With Iran, the situation is much different. Iran, for whatever reason, legitimate or not, decided to begin a clandestine program. For almost two decades, there was no monitoring. When Iran's activities were finally revealed in 2003, and after a series of lies and denials when confronted with the evidence, only then did the IAEA begin monitoring.

Since that time the IAEA has worked to verify that Iran's newly-declared activities are in accordance with the NPT. So far they have been, and the remaining issues will likely be worked out in the coming months.

However, the remaining problem for the IAEA is determining the nature and scope of activities that occurred during the almost 2-decade long clandestine period. The IAEA was not able to monitor these activities from their infancy, so cannot determine with certainty that Iran has made a full and complete declaration, nor can it determine the scope of what went on over the last 20 years. This issue is not trivial (although Iran wishes it were so) and the IAEA recognizes it as a serious problem that must be addressed. It's why the IAEA categorically states that Iran must ratify and implement the additional protocol. The IAEA, not the so-called "Bush cabal" says this step is necessary, along with other transparency measures, to make up for years of Iranian deception.

So what we see today is Iran focusing heavily on its currently compliance while ignoring past noncompliance and the gaps in monitoring and knowledge thus created. It's why the IAEA has tried (unsuccessfully) to interview AQ Khan and other members of his network. The IAEA is trying to figure out exactly what happened with Iran's program during that 20-year gap to ensure that no military activity took place or that a clandestine military program was not spun-off.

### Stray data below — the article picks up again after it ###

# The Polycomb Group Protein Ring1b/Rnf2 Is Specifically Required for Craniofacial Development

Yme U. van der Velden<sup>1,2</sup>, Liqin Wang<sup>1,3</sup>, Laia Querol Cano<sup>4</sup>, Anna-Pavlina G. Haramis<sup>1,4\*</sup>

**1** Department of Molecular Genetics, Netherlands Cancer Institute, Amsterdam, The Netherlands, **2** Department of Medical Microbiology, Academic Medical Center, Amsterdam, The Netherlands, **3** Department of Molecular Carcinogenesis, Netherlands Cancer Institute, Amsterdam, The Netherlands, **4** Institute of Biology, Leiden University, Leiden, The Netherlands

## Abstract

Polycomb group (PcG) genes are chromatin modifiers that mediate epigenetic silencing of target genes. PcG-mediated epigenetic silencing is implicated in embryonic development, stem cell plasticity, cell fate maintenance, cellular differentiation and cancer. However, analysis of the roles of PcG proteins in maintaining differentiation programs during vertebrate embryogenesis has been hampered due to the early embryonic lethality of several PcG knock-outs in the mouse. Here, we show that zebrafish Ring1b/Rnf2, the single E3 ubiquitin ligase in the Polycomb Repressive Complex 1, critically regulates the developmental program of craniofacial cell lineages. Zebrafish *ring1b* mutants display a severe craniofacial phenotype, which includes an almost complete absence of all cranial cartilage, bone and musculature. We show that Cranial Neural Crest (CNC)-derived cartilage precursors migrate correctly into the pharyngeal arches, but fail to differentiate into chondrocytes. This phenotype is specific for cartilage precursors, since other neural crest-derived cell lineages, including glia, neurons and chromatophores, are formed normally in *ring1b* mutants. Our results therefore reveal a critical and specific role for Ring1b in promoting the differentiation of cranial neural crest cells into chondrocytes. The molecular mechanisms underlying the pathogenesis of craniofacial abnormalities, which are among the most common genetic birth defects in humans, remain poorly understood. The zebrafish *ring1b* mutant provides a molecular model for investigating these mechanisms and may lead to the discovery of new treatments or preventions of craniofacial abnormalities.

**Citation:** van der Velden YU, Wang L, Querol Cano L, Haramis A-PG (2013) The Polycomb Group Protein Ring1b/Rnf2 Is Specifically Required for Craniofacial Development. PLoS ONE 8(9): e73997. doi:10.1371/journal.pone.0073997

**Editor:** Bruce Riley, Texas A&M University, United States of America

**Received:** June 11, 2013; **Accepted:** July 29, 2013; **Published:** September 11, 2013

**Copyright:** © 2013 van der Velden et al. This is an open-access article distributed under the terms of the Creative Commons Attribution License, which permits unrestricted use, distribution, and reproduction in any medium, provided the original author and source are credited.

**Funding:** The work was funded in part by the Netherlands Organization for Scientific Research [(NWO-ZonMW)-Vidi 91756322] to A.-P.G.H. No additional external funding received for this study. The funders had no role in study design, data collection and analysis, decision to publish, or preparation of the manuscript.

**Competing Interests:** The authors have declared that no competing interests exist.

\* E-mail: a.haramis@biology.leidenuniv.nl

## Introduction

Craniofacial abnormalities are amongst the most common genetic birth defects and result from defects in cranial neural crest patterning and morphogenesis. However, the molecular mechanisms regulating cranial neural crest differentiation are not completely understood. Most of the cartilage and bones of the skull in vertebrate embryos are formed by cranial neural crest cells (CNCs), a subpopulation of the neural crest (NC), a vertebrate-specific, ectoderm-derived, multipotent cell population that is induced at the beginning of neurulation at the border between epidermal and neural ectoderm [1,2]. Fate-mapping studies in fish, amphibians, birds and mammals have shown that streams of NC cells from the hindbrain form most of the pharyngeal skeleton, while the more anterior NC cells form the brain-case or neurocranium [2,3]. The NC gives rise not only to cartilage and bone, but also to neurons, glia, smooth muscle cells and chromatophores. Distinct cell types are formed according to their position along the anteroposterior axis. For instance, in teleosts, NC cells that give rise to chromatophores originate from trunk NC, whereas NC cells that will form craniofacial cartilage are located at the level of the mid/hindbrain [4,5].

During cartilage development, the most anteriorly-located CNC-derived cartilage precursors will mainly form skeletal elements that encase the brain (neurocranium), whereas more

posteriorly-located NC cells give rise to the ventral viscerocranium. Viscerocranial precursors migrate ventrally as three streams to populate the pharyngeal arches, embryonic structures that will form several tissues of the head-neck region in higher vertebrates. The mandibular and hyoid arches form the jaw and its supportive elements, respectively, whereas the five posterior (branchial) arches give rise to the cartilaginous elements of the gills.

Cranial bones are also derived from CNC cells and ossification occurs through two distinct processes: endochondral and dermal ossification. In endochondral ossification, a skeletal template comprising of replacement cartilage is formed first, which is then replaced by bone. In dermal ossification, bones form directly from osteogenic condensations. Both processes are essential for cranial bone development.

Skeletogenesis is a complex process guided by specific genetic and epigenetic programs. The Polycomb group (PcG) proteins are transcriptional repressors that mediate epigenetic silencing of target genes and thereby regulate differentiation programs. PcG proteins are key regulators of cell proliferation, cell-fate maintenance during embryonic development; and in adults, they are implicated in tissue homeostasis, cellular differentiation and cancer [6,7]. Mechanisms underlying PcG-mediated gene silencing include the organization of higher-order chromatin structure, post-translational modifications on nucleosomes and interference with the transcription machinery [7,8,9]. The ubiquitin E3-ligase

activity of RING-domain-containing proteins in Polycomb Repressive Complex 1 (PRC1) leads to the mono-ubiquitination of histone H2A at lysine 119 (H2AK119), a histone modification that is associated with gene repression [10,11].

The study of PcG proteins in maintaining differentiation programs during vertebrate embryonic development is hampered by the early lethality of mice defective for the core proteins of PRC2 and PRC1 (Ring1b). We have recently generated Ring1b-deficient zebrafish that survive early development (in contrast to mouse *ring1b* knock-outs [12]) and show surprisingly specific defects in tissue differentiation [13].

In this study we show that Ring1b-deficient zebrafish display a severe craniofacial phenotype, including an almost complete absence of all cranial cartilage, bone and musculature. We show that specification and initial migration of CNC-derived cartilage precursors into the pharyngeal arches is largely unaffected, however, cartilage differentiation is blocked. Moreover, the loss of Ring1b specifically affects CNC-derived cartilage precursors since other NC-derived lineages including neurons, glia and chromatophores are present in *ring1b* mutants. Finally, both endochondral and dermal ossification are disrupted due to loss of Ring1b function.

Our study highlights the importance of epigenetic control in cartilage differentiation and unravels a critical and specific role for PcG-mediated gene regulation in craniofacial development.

So while Mr. Herring is correct about the current state of Iran's declared activities and IAEA monitoring, he's completely missed THE major issue of paramount importance to the IAEA. This is the difference between the example he provides - Egypt - or any number of countries with nuclear programs.

Confusedponderer goes on to say:

He also offers a good explanation as for why the Iranians might want to have control over the fuel cycle. Their efforts to aquire any on the open market have thus far been thwarted. They signed contracts, paid money, and got nothing. The stuff they bought quietly they then reported to the IAEA in the mandated time frame.

I hear the "access to fuel" argument quite frequently, but it's not really valid. First of all, Iran has a longstanding agreement with Argentina that recored and fueled it's Tehran University research reactor. The reactor uses 20% enriched uranium and an agreement which the US did not oppose. Additionally, in recent years, Iran has been offered guaranteed access to fuel many times, which it has refused.

Secondly, the "contracts" referred to above were actually penned under the Shah and unilaterally canceled by Iran after the revolution during an anti-western purge. Europeans were reluctant to provide Iran assistance after these incidents and Iran's assassination of dissidents in Europe, exporting its revolution, and even murder European nationals did not engender much desire to help Iran with a nuclear program or anything else. Then there was the war with Iraq - no one had much desire to engage in commercial contracts of any sort in a war zone. Even so, a German firm contracted to finish Bushehr but frequent Iraqi attacks made it impossible.